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I am facing a really simple and strange problem with Python.

I have a dict with several keys, that contain empty lists. I want to append/extend the content of lists of specific keys. The code I therefore think of looks like this

d = dict.fromkeys(['A','B','C'],[])
d['A'].append('Hello')

However, the result is not what I expect. The value of each key is a list containing one element: 'Hello'

>>> d
{'A': ['Hello'], 'C': ['Hello'], 'B': ['Hello']}

If I try what follows, it results in the same thing

d.get('A').append('Bye')

What operations I have to do obtain this?

>>> d
{'A': ['Hello'], 'C': [], 'B': []}

Can someone explains what goes wrong with my syntax?

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marked as duplicate by Ashwini Chaudhary, user2864740, zhangxaochen, ixe013, Lipis Mar 10 '14 at 19:15

This question has been asked before and already has an answer. If those answers do not fully address your question, please ask a new question.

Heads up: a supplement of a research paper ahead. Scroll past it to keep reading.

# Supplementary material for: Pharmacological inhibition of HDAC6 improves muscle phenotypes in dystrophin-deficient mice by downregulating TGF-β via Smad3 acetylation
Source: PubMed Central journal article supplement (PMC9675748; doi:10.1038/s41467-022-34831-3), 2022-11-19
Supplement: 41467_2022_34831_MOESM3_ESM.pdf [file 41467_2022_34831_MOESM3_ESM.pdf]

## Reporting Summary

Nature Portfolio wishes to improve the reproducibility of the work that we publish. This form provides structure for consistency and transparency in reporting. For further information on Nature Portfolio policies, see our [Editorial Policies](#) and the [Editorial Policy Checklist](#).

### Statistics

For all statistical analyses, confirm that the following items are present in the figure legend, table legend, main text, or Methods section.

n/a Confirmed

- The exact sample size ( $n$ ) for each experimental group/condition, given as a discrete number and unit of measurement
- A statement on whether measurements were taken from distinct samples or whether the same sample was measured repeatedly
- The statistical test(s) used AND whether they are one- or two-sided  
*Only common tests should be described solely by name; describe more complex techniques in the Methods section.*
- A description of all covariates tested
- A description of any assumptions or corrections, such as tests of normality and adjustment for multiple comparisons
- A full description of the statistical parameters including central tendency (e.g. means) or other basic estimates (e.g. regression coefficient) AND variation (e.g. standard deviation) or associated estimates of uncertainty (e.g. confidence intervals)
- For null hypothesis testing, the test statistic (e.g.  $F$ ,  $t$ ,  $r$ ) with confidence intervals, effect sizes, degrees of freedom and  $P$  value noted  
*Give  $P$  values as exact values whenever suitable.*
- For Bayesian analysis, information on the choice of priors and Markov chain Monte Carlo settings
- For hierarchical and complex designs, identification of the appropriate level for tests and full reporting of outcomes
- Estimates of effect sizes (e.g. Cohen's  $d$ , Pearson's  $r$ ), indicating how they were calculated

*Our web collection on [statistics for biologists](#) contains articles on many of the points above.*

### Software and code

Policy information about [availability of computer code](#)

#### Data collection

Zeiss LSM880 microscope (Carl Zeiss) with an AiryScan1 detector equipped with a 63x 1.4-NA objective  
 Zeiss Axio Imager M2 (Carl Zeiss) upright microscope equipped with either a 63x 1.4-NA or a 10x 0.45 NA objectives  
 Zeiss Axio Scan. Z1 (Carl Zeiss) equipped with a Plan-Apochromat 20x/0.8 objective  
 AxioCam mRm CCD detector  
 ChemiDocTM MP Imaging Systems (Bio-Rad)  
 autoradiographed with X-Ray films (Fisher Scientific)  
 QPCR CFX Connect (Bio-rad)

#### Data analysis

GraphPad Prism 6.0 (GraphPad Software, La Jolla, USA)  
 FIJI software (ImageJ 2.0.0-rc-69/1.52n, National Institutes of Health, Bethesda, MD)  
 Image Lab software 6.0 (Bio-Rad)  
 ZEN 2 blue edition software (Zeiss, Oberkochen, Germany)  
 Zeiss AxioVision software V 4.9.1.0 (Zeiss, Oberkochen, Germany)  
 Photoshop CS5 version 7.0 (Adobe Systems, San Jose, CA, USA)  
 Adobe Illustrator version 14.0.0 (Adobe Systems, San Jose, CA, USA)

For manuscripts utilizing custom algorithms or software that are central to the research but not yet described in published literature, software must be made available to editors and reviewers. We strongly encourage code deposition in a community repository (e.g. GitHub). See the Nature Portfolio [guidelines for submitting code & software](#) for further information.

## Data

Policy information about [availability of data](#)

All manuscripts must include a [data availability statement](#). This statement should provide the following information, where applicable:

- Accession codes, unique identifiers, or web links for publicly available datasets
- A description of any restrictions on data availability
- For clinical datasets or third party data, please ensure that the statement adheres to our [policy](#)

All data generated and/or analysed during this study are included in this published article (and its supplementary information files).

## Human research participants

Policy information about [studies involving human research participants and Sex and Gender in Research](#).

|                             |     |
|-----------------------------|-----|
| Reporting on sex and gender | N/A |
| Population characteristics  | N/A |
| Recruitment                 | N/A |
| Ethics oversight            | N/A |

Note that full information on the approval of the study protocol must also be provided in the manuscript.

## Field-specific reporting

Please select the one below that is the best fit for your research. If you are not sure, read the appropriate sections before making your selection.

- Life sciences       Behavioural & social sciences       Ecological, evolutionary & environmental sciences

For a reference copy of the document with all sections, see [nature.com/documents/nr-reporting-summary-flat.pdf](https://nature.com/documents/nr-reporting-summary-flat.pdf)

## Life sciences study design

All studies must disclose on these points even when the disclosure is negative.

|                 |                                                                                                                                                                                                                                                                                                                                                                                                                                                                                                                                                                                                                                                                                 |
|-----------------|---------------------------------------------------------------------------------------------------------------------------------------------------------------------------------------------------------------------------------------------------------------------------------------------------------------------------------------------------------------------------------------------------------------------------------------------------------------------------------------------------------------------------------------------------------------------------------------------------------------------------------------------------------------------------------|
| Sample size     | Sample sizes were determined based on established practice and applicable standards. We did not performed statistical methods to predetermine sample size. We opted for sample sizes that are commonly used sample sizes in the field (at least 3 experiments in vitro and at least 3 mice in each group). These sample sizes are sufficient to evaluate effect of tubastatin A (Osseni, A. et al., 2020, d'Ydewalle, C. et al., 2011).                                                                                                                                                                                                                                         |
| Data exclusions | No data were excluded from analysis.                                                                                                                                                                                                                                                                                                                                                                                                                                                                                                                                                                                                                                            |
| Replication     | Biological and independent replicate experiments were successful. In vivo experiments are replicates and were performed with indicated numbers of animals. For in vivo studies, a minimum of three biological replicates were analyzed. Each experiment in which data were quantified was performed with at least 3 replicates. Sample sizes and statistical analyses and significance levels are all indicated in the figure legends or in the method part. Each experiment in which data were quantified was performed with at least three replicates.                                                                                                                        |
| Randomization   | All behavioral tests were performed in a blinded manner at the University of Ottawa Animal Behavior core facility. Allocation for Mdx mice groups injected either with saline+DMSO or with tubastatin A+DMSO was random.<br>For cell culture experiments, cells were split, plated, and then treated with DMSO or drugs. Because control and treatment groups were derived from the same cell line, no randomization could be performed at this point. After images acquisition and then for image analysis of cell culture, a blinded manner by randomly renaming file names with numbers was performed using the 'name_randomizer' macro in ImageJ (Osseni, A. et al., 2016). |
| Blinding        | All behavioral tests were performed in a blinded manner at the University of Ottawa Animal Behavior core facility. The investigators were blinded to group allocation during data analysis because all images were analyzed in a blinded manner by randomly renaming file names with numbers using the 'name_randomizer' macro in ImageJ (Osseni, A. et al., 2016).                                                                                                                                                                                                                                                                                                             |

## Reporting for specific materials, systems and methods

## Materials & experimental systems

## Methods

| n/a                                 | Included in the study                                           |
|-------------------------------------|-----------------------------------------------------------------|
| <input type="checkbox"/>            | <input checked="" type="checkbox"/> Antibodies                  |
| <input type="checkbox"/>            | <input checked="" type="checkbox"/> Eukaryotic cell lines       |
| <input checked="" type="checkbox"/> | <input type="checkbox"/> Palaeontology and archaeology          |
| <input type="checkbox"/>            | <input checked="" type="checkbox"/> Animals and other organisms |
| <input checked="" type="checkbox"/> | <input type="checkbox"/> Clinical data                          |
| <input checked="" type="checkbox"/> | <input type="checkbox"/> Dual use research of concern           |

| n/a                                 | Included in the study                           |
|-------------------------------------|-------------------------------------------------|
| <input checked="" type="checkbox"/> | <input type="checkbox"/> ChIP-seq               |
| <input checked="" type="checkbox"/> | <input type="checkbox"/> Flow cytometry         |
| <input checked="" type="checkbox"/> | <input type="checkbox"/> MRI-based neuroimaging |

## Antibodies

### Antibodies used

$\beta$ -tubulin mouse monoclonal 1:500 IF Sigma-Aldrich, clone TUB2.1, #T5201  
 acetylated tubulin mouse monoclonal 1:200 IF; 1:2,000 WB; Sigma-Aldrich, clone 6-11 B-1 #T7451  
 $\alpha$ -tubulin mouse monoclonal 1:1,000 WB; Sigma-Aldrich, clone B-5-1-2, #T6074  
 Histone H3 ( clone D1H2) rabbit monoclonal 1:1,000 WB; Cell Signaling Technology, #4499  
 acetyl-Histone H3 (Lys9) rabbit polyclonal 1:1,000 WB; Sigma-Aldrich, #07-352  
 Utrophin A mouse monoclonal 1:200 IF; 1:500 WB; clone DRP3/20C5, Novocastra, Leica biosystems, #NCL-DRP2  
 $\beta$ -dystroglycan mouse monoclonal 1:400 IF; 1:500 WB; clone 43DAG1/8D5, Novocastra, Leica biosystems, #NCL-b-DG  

2 Answers 2

Your syntax is fine, but you're using the same list over and over again. Since lists are mutable, when you append, you're adding 'Hello' to the same list, which happens to be referenced in three places. What you probably want to do instead is create the dict a little more manually:

d = {k:[] for k in ['A', 'B', 'C']}

(The above is Python 2.7 or later. For older Python you can use: dict((k,[]) for k in ['A', 'B', 'C']))

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I feel this small tutorial helped me understand this python concept the best, since it's slightly different and counter intuitive coming for C/++ –  mogambo Mar 10 '14 at 18:00

You're creating a dictionary with all its values refer to the same instance [] as @Aशwini चhaudhary mentioned. You may want to use defaultdict:

In [150]: from collections import defaultdict

In [151]: d = defaultdict(list)

In [152]: d['A'].append('Hello')

In [153]: d
Out[153]: defaultdict(<type 'list'>, {'A': ['Hello']})

In [154]: print d['B']
[]
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